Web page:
Braun’s suicide shocked the region, resulted in a federal investigation, and eventually led to Huntsinger’s transfer. The management plan was the fourth casualty. “The whole process imploded. It collapsed,” explained Neil Havlik, who was named to the monument’s advisory committee when it was created in 2002. “It was finally decided that the process should start all over again.”

The full story can be found here:

And the fight continues to protect this natural jewel as the current administration in Washington DC is now questioning the continued existence of the Carrizo Plain National Monument.

Wildlfowers Carrizo Plain
Lake Phacelia, populated with purple smiles. Yet one variation speaks out in the lower left – the stuff of evolution and a metaphor for the what is required to protect the Plain.
– Great Valley phacelia (Phacelia ciliata).
Close-up of the divergent character.
– Great Valley phacelia (Phacelia ciliata).


California native plant botanists. They must know something.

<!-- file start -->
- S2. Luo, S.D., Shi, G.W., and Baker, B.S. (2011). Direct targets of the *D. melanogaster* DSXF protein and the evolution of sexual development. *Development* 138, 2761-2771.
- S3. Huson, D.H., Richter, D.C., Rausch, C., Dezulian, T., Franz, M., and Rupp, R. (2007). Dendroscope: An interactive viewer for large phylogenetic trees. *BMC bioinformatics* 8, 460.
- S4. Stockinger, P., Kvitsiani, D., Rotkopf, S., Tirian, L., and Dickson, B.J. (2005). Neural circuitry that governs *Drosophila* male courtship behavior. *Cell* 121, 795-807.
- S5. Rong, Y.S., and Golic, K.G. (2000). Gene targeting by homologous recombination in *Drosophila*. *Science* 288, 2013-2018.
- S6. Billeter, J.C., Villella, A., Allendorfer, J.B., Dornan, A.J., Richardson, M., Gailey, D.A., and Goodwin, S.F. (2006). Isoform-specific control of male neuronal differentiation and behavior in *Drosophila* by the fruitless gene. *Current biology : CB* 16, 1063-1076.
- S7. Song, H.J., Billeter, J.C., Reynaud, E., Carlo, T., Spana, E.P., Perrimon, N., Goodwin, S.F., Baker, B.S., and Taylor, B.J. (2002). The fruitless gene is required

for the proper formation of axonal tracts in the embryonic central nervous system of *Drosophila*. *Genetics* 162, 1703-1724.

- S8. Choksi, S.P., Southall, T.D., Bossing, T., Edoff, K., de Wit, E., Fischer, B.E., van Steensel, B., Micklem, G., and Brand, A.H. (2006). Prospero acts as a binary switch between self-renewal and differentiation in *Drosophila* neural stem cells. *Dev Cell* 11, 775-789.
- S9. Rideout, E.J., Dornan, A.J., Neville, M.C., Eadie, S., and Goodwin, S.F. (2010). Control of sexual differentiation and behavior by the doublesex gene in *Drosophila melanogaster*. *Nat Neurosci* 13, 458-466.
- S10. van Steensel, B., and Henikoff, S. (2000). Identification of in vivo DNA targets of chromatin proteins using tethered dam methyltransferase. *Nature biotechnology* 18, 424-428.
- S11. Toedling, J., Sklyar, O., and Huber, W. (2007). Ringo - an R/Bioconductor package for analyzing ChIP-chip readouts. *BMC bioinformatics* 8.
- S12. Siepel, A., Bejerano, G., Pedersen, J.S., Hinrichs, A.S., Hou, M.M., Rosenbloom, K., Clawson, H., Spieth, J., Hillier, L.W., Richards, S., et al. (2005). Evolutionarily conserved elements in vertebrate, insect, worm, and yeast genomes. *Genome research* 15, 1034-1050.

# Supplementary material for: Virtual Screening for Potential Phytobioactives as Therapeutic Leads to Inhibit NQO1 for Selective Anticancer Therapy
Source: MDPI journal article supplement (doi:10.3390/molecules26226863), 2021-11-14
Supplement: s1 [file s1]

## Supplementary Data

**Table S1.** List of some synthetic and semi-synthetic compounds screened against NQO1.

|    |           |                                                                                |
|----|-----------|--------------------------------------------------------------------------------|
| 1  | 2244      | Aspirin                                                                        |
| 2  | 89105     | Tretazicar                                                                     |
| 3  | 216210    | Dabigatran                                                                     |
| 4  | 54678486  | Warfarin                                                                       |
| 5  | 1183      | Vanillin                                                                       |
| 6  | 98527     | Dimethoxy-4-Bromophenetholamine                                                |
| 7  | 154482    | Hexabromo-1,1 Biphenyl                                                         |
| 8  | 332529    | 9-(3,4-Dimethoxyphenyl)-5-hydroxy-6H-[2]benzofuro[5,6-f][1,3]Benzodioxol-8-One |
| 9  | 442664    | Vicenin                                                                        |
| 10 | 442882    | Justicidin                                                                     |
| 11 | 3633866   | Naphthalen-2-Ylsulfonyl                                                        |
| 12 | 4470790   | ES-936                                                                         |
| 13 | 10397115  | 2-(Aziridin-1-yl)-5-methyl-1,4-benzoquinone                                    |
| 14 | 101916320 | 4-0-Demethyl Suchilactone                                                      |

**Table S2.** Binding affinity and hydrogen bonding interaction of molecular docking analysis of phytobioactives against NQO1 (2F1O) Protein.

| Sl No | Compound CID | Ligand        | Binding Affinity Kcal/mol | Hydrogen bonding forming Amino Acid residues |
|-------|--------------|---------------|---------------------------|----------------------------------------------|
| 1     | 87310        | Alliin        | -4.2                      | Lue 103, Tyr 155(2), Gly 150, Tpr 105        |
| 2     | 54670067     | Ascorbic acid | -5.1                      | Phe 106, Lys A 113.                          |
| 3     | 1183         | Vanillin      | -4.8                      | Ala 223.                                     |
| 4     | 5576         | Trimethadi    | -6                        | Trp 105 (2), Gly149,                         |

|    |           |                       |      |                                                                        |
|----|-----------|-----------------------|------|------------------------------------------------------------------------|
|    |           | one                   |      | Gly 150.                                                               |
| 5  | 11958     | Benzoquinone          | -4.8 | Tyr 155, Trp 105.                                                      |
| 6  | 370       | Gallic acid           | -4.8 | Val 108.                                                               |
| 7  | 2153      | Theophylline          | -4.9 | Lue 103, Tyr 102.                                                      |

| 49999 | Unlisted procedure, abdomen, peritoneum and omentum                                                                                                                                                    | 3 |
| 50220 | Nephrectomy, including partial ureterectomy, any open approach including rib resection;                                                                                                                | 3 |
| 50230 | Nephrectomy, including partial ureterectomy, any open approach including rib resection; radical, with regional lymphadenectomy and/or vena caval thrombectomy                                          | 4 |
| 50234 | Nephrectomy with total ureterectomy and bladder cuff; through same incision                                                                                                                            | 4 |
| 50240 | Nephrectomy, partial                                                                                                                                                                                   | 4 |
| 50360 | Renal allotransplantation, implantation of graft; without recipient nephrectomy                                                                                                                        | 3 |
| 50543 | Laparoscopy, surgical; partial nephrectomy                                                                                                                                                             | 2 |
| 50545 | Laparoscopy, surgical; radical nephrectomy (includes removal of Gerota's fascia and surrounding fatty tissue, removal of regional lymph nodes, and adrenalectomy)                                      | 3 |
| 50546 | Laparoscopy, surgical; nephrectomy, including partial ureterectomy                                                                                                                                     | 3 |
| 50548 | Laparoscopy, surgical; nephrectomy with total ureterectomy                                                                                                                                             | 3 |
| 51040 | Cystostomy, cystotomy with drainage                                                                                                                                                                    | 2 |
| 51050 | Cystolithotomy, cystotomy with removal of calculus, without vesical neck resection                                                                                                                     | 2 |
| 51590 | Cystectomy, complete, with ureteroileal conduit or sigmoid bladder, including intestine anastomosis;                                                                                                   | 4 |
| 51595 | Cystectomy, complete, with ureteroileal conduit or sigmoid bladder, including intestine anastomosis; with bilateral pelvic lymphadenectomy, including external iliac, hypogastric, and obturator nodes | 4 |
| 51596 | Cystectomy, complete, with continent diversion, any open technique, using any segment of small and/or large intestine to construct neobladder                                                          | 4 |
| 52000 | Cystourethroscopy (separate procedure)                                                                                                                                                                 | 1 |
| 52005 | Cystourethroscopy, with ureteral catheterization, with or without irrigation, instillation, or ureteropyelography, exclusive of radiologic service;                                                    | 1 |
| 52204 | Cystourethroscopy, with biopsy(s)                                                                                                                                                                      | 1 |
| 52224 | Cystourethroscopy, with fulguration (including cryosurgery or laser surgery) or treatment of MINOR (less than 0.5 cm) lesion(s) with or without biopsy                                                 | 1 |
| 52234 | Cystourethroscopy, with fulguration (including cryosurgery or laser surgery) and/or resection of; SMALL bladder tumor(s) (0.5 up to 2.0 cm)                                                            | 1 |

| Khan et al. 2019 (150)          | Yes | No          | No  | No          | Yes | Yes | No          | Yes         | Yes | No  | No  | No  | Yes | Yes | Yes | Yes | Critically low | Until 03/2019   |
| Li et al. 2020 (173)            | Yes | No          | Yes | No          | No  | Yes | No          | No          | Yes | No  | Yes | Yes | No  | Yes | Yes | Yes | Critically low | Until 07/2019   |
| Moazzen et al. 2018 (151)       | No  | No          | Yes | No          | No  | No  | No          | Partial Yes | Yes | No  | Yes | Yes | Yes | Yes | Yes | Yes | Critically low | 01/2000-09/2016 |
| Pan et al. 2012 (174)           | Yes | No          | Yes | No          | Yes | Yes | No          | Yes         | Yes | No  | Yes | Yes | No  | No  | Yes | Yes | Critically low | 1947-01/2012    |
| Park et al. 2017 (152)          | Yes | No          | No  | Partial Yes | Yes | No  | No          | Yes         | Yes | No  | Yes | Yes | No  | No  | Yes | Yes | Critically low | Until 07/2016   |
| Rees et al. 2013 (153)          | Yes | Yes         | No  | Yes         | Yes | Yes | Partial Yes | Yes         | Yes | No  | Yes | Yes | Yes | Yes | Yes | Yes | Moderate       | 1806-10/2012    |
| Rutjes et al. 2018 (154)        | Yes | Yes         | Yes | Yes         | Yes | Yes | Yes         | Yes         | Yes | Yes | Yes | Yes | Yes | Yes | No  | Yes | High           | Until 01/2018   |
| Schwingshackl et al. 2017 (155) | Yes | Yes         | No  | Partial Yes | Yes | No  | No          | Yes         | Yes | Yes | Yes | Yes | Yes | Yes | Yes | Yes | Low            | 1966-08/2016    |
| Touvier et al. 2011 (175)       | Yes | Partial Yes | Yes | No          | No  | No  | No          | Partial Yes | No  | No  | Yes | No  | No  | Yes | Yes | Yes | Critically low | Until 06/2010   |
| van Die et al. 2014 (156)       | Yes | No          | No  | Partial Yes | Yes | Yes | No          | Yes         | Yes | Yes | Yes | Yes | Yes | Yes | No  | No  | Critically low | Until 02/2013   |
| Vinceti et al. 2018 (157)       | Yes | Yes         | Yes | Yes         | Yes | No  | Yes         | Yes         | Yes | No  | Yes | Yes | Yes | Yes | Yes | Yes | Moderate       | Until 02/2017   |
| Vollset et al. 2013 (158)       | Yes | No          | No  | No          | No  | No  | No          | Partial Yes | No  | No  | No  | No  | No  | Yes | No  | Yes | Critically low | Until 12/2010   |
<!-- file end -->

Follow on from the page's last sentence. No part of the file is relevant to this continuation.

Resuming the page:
– Baby blue-eyes (Nemophila menziesii).
– Baby (very) blue-eyes (Nemophila menziesii).

For the complete plant list of the Carrizo Plain, try the official BLM list:


Soda Lake. One of the rare times it is actually a lake!
The rocks of the Plain. This outcrop of cross-bedded marine sandstone was laid down during the Early Miocene (about 20 million years old).
The Carrizo Plain looking north from the Caliente Range. Painted Rock, a sacred Chumash rock painting site, is the rock outcropping in left-background. Soda Lake is in the mid-background.
Massive sea of yellow with splashes of green in the Caliente Range.
Solar energy being collected by nature and technology.

Regarding the solar panels on the Plain, Neil Havlik explains,

When several proposals for solar power facilities in the Carrizo Plain area of eastern San Luis Obispo County, California, became publicly known in 2009, those proposals raised many questions. How big would they be? How would they be managed? What would be the environmental and social impacts of their creation? Would they be a benefit to the community or a detriment?

Overall, in the view of this one observer, the solar facilities have been a significant benefit to the Carrizo Plain. There are several reasons for this.